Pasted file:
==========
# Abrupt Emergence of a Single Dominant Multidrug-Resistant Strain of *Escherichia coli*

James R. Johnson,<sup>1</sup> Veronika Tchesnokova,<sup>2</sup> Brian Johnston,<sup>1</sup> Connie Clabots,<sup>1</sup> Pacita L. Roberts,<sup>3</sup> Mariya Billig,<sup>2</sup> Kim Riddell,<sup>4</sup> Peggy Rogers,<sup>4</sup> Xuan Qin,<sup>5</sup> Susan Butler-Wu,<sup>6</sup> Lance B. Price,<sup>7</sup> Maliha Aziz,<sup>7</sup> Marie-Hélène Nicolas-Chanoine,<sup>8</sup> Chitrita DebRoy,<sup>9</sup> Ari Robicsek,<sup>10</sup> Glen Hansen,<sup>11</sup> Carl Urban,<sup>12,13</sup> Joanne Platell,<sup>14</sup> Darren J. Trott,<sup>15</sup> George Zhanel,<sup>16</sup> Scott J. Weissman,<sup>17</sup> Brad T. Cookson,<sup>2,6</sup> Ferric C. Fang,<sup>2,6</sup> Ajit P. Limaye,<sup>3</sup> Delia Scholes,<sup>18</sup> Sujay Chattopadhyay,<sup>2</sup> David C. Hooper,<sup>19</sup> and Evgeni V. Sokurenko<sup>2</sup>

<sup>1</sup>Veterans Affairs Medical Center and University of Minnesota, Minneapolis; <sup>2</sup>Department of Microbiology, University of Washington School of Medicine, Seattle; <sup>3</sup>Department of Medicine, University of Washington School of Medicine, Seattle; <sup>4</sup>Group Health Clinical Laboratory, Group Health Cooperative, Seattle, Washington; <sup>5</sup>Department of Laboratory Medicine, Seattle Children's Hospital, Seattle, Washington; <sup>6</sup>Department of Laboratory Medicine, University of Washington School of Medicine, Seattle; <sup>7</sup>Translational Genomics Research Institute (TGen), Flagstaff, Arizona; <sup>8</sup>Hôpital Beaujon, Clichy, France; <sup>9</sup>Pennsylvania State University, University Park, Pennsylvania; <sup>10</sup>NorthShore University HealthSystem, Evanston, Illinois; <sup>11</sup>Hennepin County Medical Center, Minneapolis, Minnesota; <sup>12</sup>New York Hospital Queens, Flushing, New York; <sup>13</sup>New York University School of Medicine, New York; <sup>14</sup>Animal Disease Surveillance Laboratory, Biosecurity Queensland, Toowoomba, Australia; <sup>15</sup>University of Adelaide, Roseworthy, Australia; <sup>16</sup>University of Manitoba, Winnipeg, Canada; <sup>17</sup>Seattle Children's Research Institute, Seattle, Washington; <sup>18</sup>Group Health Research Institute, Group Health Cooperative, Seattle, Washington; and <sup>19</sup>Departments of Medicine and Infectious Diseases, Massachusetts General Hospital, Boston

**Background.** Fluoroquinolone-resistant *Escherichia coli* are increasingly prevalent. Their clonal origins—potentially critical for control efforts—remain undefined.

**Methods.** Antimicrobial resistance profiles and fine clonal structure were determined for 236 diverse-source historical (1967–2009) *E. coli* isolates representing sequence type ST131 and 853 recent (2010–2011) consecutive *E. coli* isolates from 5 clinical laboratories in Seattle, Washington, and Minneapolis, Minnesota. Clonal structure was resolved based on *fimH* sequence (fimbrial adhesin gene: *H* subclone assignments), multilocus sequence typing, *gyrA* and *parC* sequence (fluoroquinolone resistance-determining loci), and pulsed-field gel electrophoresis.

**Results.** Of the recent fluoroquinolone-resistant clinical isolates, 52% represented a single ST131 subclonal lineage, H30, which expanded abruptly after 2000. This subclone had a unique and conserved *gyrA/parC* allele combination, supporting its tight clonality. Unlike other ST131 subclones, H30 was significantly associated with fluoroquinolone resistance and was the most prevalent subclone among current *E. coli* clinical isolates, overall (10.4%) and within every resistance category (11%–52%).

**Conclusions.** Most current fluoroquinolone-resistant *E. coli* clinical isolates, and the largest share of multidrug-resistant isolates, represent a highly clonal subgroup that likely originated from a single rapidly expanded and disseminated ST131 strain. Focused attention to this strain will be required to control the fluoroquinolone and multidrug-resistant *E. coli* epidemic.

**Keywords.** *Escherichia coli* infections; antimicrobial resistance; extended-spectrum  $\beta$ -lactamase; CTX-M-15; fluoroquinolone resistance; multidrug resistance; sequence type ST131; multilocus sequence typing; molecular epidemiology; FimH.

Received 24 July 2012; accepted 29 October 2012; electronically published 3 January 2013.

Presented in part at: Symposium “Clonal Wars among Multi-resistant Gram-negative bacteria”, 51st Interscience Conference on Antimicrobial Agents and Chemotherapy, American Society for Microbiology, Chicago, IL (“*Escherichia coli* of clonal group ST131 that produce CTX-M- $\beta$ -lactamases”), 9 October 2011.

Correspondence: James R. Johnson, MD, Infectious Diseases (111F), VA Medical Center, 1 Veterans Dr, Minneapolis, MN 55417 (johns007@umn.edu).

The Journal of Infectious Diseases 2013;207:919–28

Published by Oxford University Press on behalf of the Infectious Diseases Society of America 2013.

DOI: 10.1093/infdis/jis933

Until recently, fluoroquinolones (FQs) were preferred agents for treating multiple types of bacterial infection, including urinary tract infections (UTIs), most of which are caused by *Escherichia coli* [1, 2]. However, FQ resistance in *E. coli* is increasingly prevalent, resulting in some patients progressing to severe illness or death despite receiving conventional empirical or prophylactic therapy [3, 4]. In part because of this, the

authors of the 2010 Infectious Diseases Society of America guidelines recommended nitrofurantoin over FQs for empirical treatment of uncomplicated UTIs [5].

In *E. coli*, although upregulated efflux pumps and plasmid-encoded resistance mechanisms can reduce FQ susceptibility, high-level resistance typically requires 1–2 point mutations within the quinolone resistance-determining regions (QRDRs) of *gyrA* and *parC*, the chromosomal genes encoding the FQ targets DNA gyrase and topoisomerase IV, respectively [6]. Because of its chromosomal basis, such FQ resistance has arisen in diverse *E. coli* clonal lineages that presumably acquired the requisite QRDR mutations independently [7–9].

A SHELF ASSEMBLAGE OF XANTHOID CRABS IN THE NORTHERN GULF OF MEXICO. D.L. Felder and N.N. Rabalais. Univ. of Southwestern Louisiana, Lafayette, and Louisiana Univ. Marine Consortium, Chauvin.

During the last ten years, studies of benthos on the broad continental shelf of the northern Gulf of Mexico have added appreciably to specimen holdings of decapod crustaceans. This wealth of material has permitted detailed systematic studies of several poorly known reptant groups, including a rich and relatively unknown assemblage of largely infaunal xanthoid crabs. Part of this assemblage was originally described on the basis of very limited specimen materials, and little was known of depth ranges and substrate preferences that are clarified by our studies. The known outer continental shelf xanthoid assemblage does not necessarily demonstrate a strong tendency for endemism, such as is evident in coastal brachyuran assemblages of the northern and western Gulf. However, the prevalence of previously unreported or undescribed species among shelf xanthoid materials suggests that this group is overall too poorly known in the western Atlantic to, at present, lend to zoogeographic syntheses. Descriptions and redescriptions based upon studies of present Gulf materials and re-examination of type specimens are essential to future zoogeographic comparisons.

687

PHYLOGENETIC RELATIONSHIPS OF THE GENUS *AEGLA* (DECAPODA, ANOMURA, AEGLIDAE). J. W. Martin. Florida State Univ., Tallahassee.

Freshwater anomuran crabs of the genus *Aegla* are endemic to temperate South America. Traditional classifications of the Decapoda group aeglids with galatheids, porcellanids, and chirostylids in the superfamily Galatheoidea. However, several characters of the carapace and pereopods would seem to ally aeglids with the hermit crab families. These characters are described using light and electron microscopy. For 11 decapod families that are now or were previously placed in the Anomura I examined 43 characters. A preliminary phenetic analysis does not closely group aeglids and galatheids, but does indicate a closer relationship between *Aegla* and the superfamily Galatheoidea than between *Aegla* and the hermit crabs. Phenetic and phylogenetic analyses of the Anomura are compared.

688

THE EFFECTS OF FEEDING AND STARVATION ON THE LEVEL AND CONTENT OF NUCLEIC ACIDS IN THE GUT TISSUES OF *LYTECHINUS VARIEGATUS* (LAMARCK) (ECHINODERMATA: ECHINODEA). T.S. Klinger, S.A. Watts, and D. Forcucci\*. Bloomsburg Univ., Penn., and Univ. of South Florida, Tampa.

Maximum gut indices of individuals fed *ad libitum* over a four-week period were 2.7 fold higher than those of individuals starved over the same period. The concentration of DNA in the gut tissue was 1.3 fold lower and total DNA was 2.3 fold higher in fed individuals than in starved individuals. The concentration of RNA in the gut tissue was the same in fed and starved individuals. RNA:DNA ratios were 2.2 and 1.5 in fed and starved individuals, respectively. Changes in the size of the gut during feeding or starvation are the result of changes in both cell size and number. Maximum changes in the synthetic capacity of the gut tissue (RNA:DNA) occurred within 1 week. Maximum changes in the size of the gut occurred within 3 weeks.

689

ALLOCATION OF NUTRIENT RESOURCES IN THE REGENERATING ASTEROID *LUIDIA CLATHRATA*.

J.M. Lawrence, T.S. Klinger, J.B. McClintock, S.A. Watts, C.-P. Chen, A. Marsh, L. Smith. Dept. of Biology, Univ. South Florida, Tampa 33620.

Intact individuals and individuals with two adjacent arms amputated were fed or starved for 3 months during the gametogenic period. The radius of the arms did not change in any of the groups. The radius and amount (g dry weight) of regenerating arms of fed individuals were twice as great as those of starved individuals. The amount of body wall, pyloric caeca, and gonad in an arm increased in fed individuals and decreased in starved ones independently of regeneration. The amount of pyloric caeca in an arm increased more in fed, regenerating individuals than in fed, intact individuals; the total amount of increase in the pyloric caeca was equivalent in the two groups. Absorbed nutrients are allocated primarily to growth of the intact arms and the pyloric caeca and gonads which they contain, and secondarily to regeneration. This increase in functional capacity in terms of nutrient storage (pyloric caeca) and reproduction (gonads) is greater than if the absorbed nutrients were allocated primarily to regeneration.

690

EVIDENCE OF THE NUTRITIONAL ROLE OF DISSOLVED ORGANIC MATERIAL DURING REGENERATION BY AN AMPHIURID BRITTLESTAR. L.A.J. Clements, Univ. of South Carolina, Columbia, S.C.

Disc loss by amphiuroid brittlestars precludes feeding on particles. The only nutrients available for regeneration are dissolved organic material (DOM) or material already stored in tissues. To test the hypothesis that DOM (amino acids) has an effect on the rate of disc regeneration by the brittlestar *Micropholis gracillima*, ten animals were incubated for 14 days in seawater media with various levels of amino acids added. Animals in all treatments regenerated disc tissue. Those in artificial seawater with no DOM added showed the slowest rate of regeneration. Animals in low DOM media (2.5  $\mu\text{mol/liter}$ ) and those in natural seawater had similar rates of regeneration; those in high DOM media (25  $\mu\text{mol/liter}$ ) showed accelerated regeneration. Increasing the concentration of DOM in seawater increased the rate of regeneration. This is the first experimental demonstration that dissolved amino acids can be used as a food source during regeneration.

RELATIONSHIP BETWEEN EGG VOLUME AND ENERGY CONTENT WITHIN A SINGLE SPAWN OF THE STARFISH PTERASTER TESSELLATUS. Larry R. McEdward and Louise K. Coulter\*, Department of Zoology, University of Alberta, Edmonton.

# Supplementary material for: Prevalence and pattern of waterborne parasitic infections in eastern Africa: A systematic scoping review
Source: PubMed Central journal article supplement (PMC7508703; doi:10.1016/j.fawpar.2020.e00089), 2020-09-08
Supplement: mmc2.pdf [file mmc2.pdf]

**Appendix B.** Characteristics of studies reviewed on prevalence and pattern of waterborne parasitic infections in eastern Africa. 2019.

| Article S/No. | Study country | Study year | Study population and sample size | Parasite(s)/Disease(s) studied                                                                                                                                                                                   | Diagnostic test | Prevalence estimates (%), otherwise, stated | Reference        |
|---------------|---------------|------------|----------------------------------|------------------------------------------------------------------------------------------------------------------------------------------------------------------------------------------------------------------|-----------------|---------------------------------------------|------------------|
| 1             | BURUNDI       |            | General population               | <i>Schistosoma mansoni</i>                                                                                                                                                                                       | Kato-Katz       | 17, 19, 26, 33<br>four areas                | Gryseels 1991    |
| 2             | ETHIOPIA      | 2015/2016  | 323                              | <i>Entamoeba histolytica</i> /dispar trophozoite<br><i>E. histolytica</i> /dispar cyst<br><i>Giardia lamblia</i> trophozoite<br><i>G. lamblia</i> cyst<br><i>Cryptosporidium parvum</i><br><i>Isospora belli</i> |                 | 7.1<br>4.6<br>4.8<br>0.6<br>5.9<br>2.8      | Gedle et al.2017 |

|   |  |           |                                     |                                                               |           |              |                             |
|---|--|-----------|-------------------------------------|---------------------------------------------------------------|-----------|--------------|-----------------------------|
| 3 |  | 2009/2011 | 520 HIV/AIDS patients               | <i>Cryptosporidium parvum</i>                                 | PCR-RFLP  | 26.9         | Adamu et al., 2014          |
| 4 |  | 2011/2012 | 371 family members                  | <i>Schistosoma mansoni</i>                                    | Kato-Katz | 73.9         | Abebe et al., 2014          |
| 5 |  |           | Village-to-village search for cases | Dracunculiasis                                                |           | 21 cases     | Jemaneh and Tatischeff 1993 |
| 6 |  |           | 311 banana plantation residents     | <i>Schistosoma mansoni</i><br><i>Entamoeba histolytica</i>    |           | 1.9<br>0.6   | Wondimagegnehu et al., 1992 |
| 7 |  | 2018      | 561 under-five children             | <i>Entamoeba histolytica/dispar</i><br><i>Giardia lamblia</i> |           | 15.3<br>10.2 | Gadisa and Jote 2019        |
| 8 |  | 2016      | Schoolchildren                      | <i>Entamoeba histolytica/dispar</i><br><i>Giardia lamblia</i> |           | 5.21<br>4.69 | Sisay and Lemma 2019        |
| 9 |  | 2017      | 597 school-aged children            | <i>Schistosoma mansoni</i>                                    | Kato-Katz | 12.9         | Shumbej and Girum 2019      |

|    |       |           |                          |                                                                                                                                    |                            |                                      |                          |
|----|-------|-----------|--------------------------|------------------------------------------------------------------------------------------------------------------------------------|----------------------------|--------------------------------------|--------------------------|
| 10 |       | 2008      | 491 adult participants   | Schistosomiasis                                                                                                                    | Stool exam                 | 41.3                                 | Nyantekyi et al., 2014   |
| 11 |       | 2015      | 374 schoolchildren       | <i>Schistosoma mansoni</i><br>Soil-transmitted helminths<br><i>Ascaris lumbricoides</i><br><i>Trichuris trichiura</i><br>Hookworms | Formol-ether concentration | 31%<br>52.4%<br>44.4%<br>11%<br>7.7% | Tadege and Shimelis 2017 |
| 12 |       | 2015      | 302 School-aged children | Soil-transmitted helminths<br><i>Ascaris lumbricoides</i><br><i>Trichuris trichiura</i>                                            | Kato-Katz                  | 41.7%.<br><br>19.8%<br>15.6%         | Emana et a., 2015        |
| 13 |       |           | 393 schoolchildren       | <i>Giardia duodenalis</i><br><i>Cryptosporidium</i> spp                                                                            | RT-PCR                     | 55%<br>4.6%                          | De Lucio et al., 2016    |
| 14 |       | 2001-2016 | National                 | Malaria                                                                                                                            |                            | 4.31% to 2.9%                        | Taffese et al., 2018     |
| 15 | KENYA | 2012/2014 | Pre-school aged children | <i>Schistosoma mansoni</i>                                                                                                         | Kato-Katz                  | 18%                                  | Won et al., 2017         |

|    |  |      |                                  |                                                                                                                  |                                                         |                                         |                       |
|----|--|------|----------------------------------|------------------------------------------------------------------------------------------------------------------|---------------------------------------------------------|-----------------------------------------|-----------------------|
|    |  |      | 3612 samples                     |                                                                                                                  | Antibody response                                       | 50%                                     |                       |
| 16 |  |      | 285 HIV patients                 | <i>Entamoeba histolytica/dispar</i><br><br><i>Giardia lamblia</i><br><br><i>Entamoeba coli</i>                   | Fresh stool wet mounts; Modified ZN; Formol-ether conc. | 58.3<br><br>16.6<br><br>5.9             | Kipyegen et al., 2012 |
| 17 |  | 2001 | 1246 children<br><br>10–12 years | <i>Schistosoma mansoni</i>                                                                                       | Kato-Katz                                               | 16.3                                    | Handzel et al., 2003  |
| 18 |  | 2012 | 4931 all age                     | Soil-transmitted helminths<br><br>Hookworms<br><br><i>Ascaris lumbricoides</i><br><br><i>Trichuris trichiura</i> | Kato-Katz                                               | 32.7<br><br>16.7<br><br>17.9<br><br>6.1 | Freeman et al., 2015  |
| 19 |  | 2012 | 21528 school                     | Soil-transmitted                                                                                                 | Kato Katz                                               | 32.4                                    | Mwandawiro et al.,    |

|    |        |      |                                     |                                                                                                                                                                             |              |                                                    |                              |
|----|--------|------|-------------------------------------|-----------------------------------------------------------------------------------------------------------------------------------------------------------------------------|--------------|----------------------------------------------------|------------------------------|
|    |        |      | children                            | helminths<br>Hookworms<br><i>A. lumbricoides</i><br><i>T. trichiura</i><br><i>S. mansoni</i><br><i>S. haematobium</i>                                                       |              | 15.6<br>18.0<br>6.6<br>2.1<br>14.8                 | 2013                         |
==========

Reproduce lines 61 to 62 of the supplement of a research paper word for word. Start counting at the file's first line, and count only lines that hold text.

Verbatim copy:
|    |  |      | 3612 samples                     |                                                                                                                  | Antibody response                                       | 50%                                     |                       |
| 16 |  |      | 285 HIV patients                 | <i>Entamoeba histolytica/dispar</i><br><br><i>Giardia lamblia</i><br><br><i>Entamoeba coli</i>                   | Fresh stool wet mounts; Modified ZN; Formol-ether conc. | 58.3<br><br>16.6<br><br>5.9             | Kipyegen et al., 2012 |